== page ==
Here in the southeastern United States, we know it’s summer when the cicadas start to hum. Hot humid evenings with the loud buzzing take many people back to childhood summers swimming at the pool and evening dog walks. In my own life, I never realized that the sounds of cicadas meant summer to me until I lived in other parts of the U.S. where the large broods of periodical cicadas aren’t found.

Take a walk with me, and let’s learn a few things about cicadas. Have you ever seen small holes the size of your thumb in your yard or flower beds? Cicadas live underground and emerge from these holes. Some come out every year; these are called annual cicadas. Other kinds take either thirteen or seventeen years to emerge. These groups of cicadas are called by name. Here in my area, Brood X emerged in 2021 and was often so loud that you couldn’t hear yourself talking when you were outside! We could even hear them in the car with the windows shut as we were driving in heavily forested areas.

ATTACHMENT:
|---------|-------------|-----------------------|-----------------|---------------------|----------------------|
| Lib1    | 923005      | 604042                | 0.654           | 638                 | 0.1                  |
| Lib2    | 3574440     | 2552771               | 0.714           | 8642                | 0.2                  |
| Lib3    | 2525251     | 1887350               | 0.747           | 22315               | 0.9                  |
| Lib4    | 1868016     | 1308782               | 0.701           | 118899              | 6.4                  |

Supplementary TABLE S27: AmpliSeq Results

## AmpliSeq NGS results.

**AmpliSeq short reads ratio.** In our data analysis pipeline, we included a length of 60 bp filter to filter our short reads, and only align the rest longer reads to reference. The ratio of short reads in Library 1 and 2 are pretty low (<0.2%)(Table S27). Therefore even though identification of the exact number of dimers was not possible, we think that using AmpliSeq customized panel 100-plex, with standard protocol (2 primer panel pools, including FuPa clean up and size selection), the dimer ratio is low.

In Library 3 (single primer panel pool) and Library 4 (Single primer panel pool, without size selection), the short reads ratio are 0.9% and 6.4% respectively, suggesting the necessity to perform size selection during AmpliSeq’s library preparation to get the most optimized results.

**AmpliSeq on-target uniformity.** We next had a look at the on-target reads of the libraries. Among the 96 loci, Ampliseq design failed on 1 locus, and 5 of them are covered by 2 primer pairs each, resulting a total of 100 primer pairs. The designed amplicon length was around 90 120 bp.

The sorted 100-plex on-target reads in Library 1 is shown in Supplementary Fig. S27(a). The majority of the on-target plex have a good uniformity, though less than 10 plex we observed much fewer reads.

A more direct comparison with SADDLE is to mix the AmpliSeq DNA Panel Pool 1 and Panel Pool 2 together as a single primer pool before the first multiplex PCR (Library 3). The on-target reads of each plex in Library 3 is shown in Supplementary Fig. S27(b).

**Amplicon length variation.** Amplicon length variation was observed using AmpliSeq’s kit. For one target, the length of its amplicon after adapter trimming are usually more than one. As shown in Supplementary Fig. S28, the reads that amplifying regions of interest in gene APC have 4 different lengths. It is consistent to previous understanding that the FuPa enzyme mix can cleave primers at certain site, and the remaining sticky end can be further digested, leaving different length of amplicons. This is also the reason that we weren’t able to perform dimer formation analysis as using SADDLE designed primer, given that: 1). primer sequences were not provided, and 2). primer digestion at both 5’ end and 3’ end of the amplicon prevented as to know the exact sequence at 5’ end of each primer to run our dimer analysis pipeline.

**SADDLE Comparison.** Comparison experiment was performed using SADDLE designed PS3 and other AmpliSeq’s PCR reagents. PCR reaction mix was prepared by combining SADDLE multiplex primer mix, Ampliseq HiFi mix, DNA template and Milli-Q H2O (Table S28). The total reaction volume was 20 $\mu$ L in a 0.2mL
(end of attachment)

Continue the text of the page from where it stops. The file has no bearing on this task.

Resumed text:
The sounds that we hear are the mating call of the male cicada. Coming out in broods ensures that many cicadas will survive to mate and lay eggs. Females cut small grooves on tree twigs and deposit their eggs. The eggs hatch, and the baby ant-like cicadas fall to the ground and burrow in for the year or longer. They feed on fluids from the roots of plants and trees.

Cicadas leave their empty shells on the sides of trees, and while these shells may look scary, cicadas aren’t harmful to people, animals, or vegetation. In fact, they help as nature’s soil aerators. Although, I would still discourage Rover from eating too many and getting an upset stomach.

Thanks for walking with me. If you have never heard a cicada’s call, check out the videos below:




What are your sounds of summer? Do you live in areas with different sounds? Share in the comments, we’d love to learn more about it!


To Learn More:

Check out these great sites to learn more about cicadas. 

“14 Fun Facts About Cicadas.” Smithsonian Magazine.

“Periodical Cicadas.” National Wildlife Federation.

“How Do Cicadas Know When to Emerge from the Ground?” Entomology Today


Written by Ellen Cowell